For some years I used to go twice a year on lecture tours of the USA. It was a very pleasant way of seeing friends from the summer courses I had led in Cambridge and in Tuscany for UCLA and Berkeley. It was also a chance to travel all over the country and meet many unusual people. I learnt a lot. For each tour I had a different question to ask everyone, and one year it was, ‘Will there be first a black president or a female one?’ The answer was always the same – a black one. The assumption was that the black president would be a man, and so it came to pass. Not for one mini-second did anyone imagine there might be a black woman president, though Madeleine Albright and Condoleezza Rice had risen to high office and acquitted themselves well, as far as I could see.
I remember meeting a group of women flying out of Austin, Texas to go to a meeting to support equal pay for equal work between men and women. I was amazed that wasn’t already the case in the USA. I know that in my first job lecturing in an English college, there was equal pay. Then, in Indianapolis I think it was, there was an extraordinary conversation when cocktails were being served. My host was a veterinary surgeon and he was discussing a new appointment. He said they had mostly domestic animals to deal with and that he could employ a woman, but the practice was doing well and he could afford a man. Yes, female vets were paid less – then. An American professor, who brought over some of the students I was teaching, said she was paid less than male colleagues doing the same job. I hope that has all changed, but it wasn’t that long ago.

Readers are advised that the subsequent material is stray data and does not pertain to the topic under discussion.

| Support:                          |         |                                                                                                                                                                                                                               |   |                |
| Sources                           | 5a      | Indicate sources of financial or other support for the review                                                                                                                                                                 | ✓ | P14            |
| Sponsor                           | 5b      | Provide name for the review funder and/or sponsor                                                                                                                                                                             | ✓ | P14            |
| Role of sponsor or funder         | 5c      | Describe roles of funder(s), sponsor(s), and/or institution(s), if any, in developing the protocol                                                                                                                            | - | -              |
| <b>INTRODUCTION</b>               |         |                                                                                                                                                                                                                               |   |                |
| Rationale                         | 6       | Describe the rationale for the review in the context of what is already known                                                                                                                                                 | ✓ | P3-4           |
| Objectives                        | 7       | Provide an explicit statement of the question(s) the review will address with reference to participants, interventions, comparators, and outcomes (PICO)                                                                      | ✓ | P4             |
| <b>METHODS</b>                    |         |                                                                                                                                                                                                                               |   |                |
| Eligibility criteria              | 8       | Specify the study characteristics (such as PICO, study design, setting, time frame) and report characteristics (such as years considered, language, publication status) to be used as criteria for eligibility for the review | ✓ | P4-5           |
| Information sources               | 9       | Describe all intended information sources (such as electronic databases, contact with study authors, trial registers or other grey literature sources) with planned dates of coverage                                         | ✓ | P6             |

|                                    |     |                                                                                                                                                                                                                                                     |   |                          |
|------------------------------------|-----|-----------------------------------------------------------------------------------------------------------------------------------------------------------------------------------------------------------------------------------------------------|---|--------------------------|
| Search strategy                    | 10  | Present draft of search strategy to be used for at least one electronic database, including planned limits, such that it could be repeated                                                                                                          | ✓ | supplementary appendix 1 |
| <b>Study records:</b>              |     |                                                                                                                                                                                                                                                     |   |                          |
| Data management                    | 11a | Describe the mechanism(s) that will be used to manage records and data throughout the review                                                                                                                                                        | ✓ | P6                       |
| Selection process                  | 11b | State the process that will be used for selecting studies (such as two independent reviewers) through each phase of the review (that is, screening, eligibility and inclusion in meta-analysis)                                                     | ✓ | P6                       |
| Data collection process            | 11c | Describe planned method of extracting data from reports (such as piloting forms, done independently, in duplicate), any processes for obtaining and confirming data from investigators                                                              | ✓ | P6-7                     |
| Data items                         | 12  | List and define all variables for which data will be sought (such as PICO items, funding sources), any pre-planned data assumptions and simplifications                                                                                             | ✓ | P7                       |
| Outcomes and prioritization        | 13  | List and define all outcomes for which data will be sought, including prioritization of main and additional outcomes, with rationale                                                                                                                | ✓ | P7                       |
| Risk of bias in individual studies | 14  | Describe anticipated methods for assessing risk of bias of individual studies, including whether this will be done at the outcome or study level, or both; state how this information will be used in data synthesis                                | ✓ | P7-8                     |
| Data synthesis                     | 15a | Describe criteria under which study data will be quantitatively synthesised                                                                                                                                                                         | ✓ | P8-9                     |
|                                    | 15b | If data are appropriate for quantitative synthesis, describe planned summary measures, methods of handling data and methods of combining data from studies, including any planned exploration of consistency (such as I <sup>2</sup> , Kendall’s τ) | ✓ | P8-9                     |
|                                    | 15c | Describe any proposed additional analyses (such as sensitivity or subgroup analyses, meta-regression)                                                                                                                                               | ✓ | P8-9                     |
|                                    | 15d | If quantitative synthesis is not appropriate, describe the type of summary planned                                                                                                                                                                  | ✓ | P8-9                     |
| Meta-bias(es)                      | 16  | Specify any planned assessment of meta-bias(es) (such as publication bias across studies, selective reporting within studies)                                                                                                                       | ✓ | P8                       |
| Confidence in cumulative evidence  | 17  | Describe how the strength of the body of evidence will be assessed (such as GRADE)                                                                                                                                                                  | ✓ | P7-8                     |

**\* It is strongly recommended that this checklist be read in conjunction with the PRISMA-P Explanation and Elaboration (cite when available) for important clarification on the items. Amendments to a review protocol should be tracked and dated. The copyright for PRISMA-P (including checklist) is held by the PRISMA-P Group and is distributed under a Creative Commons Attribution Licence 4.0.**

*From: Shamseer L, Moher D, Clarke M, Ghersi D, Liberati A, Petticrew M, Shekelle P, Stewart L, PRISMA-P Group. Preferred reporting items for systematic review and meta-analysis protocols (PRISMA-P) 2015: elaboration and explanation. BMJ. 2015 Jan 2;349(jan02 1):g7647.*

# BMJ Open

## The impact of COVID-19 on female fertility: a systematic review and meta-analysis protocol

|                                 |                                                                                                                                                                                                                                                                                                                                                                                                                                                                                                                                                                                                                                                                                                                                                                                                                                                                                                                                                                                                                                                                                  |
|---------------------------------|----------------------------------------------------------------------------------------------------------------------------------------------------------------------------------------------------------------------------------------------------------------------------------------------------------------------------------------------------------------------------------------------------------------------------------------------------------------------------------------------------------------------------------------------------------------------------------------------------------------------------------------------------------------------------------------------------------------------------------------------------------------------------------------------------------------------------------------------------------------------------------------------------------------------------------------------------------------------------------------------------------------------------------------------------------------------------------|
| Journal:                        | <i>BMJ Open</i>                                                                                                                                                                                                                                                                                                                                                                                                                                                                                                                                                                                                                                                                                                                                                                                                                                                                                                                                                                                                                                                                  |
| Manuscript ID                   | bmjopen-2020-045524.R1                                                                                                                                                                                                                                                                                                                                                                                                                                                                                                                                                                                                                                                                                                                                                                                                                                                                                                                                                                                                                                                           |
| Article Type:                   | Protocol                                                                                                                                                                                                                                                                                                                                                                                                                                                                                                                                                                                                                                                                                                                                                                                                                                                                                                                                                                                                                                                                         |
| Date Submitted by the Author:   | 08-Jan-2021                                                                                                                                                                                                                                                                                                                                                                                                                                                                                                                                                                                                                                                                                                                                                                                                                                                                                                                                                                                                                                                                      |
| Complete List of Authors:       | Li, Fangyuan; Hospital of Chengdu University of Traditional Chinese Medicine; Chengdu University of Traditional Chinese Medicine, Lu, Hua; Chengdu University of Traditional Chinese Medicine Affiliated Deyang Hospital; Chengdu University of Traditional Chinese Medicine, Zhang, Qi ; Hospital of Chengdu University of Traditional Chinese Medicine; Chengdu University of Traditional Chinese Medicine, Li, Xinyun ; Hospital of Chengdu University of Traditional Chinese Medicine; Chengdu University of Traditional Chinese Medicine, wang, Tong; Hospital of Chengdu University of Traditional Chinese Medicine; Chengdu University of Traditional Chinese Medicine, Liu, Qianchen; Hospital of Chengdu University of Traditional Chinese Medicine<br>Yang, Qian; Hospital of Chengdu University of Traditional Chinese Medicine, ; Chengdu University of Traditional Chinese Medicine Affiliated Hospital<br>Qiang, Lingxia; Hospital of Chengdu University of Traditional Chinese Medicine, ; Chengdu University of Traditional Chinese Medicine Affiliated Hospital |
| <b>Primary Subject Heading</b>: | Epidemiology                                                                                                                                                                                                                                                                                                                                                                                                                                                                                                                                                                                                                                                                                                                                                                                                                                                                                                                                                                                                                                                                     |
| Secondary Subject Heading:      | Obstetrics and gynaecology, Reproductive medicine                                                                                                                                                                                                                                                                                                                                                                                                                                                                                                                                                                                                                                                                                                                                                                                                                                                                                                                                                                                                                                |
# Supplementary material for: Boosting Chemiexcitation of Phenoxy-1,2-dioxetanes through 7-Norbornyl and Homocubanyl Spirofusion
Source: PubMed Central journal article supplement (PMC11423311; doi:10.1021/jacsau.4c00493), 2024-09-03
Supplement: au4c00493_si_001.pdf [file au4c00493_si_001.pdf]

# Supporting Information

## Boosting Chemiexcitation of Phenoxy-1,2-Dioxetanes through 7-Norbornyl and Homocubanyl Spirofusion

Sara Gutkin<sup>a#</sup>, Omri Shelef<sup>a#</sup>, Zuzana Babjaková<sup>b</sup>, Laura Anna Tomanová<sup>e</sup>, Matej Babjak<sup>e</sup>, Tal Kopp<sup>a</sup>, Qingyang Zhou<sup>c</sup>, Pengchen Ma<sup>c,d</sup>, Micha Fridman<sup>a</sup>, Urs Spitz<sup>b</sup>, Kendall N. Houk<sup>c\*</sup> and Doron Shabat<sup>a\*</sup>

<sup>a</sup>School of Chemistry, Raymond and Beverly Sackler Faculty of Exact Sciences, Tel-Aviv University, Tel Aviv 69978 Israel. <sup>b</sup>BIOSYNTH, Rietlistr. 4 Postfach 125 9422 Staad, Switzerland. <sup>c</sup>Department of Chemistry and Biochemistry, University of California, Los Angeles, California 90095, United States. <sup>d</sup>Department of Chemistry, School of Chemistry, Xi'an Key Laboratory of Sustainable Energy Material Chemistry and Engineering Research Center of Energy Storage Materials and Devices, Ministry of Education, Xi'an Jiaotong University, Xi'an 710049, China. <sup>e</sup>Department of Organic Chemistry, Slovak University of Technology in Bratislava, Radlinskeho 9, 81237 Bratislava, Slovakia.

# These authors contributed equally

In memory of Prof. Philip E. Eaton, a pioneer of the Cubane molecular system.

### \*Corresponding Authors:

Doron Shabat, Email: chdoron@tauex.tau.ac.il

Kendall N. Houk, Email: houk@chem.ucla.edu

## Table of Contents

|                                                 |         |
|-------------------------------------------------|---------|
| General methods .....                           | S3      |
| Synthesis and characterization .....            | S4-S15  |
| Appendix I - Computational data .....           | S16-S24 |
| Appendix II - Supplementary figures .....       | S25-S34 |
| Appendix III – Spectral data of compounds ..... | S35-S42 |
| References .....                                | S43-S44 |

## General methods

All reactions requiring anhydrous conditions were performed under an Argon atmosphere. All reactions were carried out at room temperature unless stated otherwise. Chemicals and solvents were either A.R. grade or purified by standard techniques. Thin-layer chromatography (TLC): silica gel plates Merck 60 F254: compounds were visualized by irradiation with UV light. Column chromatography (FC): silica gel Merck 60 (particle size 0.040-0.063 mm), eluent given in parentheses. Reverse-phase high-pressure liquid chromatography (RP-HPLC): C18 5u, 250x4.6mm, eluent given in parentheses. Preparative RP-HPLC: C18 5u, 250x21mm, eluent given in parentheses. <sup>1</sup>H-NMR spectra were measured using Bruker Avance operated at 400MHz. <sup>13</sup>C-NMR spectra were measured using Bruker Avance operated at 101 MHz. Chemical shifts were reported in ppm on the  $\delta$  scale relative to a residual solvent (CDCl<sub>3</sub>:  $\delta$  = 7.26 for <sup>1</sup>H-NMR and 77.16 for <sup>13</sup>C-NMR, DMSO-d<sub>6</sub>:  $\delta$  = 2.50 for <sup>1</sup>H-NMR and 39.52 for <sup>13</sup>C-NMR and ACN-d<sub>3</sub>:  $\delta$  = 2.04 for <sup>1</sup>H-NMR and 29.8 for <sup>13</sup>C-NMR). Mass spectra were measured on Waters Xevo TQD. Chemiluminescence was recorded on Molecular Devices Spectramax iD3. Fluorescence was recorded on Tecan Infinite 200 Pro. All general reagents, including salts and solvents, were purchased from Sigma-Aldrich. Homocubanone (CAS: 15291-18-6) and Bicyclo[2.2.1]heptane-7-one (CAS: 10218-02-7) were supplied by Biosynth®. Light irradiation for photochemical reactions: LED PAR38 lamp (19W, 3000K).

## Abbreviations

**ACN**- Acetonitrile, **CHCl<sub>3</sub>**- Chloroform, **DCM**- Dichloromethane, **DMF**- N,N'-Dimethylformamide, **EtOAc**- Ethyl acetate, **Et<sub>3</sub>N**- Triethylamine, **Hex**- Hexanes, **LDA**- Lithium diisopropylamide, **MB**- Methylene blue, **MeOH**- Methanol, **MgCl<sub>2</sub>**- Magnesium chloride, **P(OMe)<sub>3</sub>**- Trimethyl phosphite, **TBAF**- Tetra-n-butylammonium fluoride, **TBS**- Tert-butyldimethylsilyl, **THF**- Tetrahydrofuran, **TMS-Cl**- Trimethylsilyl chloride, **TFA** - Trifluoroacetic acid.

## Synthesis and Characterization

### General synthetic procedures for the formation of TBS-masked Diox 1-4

The women going to the conference on equal pay asked how we in the UK had persuaded men to support the cause.
‘Easy,’ I said, ‘because men have wives and daughters’. It probably hadn’t occurred to them that there was a basic issue of equal rights to be upheld.
On the world stage, women have achieved the highest office of president or head of state in Europe (Thatcher and Merkel), Asia (Indira Ghandi, Golda Meir), and South America (Christina Kirchner and others). Why not the USA? There are plenty of outstanding American women in public life but none has even tried, except for Hillary Clinton. She has guts, but ironically Obama, the first black president, was chosen. She may try again, but many think she has missed her chance. Maybe, at the next presidential elections, there might be a choice between two women, Democrat and Republican, for president?